Case Western Reserve University
M.S. in Mechanical Engineering & Aerospace Engineering (In Progress)
B.S. in Mechanical Engineering
State University of New York at Fredonia
B.S. in Physics
NASA Academy Research Project:
Growth and Extinction Limits on Solids
Dr. Sandra Olson
I believe that if you are never failing, then you cannot possibly hope to reach to reach your potential. We should always be trying to explore the edges of possibility. When we were children, we were told stories of the thousands of times Thomas Edison failed while inventing the modern light bulb. But growing up, we tend to mitigate risk and choose alternatives with known outcomes. As an example, we sometimes choose our classes based on how it will affect our grade point average, rather than what we are capable of learning.
In the last decade, culture at NASA has also fallen in to a risk adverse slump, spurred on by public outrage after media portrayals of multi-million dollar failures. Unfortunately, media reports are usually biased towards creating exciting and shocking television, and too often fail to depict the amazing accomplishments achieved alongside NASA’s mistakes.
In the earlier days of the space program, we were able to go from barely breaking the sound barrier to landing on the moon in an extremely short period of time. But a quick search of the internet yields video compilations of a huge number of rocket failures and crashes during this experimental era. It seems that our country was at one time, willing to accept risks, and willing to fail, in order to progress our boundaries science.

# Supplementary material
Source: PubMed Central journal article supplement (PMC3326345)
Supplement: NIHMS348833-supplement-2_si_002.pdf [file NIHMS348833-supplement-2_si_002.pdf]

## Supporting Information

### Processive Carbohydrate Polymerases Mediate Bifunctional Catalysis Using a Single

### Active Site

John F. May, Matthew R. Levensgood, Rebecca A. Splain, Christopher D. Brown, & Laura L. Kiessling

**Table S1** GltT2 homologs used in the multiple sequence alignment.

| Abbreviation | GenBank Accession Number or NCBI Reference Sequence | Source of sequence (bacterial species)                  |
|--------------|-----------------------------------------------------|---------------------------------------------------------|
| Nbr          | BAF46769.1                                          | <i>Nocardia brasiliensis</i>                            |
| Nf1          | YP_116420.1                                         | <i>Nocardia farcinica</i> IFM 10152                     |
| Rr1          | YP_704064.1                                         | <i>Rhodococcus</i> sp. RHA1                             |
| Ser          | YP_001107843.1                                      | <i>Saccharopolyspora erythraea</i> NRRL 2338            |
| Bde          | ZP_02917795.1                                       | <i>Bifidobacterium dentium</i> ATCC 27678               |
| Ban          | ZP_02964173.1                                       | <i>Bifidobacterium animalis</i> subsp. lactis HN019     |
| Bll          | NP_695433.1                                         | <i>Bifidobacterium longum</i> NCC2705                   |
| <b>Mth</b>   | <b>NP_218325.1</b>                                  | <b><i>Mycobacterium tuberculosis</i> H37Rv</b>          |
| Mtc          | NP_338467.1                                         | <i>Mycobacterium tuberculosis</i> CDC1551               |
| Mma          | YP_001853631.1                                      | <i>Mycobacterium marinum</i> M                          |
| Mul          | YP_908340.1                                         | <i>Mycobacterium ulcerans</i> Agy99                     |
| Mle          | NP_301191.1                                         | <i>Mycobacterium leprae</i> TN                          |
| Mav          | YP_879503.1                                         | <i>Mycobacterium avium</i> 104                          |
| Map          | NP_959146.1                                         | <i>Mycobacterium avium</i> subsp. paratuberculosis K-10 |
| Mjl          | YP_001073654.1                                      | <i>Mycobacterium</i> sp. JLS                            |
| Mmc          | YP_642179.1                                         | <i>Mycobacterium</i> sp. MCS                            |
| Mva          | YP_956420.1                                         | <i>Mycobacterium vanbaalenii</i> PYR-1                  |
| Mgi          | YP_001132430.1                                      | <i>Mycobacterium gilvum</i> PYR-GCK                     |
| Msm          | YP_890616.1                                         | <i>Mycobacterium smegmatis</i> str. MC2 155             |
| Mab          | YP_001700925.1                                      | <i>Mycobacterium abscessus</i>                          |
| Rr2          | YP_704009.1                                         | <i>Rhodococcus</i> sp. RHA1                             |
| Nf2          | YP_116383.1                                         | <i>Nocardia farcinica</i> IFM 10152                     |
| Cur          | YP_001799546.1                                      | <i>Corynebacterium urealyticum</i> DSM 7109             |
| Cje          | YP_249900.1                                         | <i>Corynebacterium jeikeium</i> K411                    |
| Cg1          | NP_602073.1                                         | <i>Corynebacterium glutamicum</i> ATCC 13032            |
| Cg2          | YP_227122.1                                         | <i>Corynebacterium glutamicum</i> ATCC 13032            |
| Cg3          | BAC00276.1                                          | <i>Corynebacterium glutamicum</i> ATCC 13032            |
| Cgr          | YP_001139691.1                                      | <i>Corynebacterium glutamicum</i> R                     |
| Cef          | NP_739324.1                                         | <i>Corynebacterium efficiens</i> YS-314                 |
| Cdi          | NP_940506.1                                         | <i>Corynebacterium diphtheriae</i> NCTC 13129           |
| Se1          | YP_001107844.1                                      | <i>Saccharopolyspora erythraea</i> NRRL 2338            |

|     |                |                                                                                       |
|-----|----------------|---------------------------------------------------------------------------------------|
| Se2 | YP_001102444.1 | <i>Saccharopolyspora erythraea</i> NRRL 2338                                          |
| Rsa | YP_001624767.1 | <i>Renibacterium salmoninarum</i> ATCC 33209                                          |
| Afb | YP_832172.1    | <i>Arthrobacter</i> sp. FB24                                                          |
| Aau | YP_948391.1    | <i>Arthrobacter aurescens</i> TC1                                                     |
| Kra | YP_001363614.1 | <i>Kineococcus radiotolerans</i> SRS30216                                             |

Through better communication with the public, we can help showcase NASA’s great accomplishments, i.e., the lunar landing, the Mars rovers, the Hubble Deep Field Image, the construction of the International Space Station, and the detection of ice on the moon. With all of this in perspective, we can better show that NASA should fail when pushing the envelope of understanding, but with the failure will come our greatest accomplishments.
Academics and Research
I hold a bachelor of science in physics from the State University of New York at Fredonia, and a bachelor of science in mechanical engineering from Case Western Reserve University. After receiving my bachelor degrees, I worked as an intern conducting research on catalytic micro-combustion reactors at NASA Glenn Research Center. I then returned to Case Western, where I am currently working on my Master of Science in mechanical and aerospace engineering.
My master thesis involves research in ignition, growth, and extinction of flames on solid fuels in normal and low gravity environments. The end goal is to validate computer simulations of combustion events utilizing an extremely high fidelity model developed by our group. The studies can be greatly simplified by removing buoyancy effects from the flame region in both the model and experiment. This can be accomplished by conducting the experimental studies in the zero gravity environments which only NASA can offer.
I engage in a huge assortment of hobbies. There is always something new to learn or do. I am an avid music fan. I play guitar and attempt to play the piano whenever I can. Before returning to school for my Master’s, I decided to learn electronic design and repair, including the programming of microcontrollers. Repairing digital cameras has led to my most recent hobby of photography. I almost always carry my SLR with me, since you never know when a great picture will present itself. I also enjoy jogging and cycling whenever I have time.
After completion of my master thesis, I will go on to obtain my doctoral degree. Since I have already done a great deal of experimental work, I hope my next project will involve more theoretical computer modeling. Working as a post doctorate student seems to be standard procedure now, but after that is complete, I would like to either work as a NASA civil servant, or continue in the academic and research field as a university professor.